A type of sleep study, a multi-parametric test used in the study of sleep and as a diagnostic tool in sleep medicine, the test result is called a plysomnogram, also abbreviated PSG. The name is derived from Greek and Latin (polus for “many”, much, indicating many channels, somnus “sleep”, graphein, to “write”).

Polysomnography is a comprehensive recording of the biophysical changes that occur during sleep. It is usually performed at night, when most people sleep, though our Laboratory can accommodate shift workers and people with circardian rhythm sleep disorders and do the test at other times of the day.

It can monitor many body functions including brain (EEG), eye movements (EOG), muscle activity or skeletal muscle activation (EMG) and heart rhythm (ECG) during sleep. The breathing functions respiratory airflow and respiratory effort indicators were added with pulse Oximetry. Polysomnography is used to diagnose or rule out many types of sleep disorders including: Narcolepsy Idiopathic Hypersomnia, Periodic Limb Movement Disorder, REM Behavior Disorder, Parasomnias, and Sleep Apnea.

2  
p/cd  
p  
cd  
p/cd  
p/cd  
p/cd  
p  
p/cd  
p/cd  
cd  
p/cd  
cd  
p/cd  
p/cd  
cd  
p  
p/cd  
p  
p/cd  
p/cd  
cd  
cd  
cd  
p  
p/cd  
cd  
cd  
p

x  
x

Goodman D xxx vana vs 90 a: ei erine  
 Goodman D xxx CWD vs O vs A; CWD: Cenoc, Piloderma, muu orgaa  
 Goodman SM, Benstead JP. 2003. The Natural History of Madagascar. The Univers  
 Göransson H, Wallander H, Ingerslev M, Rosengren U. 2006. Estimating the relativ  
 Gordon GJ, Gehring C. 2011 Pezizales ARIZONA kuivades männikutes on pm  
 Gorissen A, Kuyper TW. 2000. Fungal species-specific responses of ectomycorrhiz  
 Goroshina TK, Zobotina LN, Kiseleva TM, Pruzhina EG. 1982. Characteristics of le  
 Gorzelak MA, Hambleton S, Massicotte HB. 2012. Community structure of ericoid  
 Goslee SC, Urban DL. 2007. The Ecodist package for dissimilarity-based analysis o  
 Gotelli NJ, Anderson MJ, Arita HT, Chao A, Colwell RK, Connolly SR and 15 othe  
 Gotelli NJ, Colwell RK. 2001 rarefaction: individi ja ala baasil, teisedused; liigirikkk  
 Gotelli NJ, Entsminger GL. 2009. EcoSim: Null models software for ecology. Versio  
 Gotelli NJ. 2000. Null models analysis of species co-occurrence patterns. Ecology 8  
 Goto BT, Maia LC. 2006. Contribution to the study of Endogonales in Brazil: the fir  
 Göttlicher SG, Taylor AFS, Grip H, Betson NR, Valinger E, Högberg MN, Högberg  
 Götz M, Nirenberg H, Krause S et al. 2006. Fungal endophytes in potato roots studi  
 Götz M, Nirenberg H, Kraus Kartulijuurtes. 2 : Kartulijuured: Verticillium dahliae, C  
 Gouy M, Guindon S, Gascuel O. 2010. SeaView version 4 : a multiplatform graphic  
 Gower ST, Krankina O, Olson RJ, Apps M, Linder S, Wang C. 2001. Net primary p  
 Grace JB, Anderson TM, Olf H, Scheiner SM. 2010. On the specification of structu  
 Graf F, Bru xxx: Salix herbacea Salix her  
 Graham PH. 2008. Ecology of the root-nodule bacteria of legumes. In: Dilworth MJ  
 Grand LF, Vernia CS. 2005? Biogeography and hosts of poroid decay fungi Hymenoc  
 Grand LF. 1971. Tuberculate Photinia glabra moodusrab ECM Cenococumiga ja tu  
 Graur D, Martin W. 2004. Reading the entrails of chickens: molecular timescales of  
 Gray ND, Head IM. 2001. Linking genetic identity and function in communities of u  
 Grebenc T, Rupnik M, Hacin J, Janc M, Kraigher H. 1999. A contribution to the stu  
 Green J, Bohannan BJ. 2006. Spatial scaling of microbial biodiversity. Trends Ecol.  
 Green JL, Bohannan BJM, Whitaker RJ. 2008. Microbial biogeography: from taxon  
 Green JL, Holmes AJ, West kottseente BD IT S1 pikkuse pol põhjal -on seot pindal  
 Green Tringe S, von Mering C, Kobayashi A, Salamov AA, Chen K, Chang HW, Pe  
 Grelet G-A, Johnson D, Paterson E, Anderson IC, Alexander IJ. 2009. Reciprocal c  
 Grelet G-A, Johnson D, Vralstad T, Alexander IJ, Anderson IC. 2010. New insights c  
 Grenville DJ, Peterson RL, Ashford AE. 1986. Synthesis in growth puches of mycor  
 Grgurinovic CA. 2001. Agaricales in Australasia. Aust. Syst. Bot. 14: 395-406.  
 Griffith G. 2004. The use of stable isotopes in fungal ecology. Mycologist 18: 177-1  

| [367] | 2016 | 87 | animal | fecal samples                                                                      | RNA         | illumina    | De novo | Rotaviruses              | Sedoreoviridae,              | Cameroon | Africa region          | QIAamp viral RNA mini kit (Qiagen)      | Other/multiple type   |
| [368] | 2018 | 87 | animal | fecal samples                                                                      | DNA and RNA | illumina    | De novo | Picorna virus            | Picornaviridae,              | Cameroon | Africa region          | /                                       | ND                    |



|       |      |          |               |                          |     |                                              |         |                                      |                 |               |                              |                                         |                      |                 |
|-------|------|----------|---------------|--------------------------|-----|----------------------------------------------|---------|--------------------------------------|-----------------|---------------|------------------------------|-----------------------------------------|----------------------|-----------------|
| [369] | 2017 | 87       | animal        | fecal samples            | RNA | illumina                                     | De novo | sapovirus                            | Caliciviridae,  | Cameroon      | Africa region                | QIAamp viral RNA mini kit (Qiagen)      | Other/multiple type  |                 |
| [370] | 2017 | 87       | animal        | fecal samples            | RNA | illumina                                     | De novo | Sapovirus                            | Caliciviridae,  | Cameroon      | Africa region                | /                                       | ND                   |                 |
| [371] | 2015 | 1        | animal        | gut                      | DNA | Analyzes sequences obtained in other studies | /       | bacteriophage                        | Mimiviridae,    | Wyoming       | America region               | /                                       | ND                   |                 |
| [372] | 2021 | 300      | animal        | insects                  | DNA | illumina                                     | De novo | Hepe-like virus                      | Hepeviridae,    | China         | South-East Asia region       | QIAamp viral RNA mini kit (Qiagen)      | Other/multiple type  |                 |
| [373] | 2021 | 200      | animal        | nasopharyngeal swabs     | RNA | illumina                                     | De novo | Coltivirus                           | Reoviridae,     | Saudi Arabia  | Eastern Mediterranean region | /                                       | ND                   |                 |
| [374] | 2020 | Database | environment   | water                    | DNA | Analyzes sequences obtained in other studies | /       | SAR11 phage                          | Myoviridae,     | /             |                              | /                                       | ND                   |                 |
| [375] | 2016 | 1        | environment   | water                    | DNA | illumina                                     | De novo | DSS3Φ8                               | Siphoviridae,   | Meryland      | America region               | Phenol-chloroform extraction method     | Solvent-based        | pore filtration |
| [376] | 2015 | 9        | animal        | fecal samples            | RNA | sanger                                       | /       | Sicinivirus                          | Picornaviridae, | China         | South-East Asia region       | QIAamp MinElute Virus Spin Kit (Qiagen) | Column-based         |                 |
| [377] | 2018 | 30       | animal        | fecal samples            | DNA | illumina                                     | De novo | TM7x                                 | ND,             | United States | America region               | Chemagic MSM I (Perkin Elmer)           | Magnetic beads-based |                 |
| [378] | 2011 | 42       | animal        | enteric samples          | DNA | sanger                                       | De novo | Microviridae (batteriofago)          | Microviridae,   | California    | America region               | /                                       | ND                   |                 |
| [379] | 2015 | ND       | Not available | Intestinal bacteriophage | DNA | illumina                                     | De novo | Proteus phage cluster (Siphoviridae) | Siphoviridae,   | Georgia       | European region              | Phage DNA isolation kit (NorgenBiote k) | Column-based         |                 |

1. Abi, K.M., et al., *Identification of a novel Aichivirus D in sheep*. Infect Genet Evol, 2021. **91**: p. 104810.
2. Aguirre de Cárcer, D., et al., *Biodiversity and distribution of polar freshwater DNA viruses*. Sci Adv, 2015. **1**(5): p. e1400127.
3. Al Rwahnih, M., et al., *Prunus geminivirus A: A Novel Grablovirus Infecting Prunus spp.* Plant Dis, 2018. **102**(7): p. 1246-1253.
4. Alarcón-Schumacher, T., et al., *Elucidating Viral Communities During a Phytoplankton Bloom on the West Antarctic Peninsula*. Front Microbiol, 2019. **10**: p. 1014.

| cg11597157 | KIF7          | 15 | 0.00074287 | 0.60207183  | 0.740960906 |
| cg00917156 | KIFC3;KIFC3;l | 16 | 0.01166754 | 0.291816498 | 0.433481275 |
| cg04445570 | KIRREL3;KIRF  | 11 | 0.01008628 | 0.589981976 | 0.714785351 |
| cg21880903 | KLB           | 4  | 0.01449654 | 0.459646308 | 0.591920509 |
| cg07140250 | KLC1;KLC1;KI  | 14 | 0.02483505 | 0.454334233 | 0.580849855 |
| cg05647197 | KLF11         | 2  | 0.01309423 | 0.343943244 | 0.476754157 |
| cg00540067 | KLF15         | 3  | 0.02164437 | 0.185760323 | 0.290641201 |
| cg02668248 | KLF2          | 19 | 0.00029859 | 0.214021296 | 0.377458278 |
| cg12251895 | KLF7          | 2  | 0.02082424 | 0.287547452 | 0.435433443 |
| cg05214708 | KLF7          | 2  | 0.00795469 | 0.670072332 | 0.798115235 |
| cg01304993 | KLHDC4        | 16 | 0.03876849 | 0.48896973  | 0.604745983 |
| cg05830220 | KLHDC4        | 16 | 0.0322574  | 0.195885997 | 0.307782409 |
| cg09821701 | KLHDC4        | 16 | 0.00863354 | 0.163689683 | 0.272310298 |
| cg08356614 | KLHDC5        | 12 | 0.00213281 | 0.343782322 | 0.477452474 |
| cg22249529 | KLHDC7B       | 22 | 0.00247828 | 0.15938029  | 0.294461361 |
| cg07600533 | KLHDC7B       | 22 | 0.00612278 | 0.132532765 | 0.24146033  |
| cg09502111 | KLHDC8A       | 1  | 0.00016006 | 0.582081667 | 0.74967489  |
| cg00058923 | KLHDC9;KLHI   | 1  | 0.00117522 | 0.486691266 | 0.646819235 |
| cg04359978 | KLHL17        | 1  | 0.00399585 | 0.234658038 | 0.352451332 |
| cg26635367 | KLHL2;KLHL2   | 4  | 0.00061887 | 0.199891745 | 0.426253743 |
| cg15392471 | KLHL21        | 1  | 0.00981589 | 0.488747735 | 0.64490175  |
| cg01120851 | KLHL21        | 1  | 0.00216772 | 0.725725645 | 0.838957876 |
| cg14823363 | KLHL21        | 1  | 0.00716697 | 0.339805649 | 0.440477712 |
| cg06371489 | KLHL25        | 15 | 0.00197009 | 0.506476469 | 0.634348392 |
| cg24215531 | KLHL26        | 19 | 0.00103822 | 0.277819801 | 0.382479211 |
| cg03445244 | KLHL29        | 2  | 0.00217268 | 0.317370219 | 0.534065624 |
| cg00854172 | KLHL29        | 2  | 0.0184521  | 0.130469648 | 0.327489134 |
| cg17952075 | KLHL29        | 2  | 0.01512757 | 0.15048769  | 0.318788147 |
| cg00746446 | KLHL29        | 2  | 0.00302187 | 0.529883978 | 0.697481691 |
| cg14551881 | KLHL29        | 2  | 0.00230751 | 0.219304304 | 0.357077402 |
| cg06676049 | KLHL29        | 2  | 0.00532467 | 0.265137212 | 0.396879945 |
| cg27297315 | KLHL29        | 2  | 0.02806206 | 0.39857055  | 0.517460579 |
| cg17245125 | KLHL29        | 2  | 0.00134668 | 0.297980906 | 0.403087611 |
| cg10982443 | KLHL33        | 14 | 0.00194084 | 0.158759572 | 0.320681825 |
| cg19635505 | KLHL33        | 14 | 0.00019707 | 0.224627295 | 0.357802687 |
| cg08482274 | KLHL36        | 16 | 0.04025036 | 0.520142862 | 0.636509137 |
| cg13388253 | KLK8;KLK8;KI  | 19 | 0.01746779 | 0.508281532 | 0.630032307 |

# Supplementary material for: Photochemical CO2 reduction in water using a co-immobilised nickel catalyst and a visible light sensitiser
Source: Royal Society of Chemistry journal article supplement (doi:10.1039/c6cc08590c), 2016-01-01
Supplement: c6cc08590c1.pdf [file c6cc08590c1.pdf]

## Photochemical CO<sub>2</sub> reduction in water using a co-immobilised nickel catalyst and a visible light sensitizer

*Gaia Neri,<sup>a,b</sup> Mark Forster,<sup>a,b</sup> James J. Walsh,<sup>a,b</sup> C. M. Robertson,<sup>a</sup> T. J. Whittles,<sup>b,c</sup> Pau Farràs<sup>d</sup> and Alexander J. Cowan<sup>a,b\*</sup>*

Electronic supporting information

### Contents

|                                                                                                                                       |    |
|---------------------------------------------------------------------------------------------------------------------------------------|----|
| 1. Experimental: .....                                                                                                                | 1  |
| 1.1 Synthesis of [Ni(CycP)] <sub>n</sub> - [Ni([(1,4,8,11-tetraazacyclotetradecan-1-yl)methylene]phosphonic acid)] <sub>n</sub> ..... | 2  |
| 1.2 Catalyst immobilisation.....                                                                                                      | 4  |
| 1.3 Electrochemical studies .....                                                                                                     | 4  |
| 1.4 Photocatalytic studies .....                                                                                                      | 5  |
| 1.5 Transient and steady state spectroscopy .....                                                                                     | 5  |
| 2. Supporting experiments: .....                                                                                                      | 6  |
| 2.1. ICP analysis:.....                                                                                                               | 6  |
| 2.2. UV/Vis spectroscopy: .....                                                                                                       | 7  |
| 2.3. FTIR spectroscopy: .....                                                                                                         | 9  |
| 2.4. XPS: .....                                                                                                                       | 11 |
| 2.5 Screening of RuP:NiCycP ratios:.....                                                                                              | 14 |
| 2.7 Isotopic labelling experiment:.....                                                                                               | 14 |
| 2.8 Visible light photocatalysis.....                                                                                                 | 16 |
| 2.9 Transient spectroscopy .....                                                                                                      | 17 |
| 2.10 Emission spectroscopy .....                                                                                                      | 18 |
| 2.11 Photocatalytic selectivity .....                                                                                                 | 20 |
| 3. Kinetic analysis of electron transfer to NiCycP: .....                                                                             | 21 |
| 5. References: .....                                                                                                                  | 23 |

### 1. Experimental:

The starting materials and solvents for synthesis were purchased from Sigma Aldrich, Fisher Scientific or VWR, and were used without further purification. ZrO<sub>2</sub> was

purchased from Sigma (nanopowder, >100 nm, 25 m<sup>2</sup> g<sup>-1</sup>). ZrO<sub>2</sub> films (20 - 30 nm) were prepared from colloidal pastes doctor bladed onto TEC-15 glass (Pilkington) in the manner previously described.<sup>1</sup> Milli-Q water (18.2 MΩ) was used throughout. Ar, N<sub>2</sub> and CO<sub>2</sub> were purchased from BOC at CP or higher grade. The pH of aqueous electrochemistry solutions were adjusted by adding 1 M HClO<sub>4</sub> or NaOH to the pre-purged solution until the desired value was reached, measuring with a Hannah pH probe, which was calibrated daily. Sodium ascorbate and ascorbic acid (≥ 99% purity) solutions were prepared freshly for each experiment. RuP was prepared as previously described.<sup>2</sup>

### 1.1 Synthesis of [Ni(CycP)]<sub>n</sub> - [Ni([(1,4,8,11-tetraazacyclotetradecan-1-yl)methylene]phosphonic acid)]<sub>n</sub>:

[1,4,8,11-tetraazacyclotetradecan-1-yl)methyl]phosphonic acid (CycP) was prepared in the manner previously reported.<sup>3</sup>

Sleep Laboratory offers three types of test:

  1. Diagnostic Sleep Studies/OSA Screening – monitors patient sleep for 6 to 8 hours and determines the severity.
  2. Therapeutic Sleep Studies – use of Continous/Bilevel Positive Airway Pressure machine for patient with sleep disordered breathing.

Combined Sleep Studies – conducted when moderate or severe sleep apnea has been discovered during the first half (two hours) of the study. The second half of the night is used for Continuous/Bi-level Positive Airway Pressure machine. 

What is Sleep Apnea?

Sleep apnea is a treatable disorder wherein a person stops breathing during sleep. It is a common complaint that affects millions of men, women and children but is often undiagnosed despite its potentially life-threatening effects.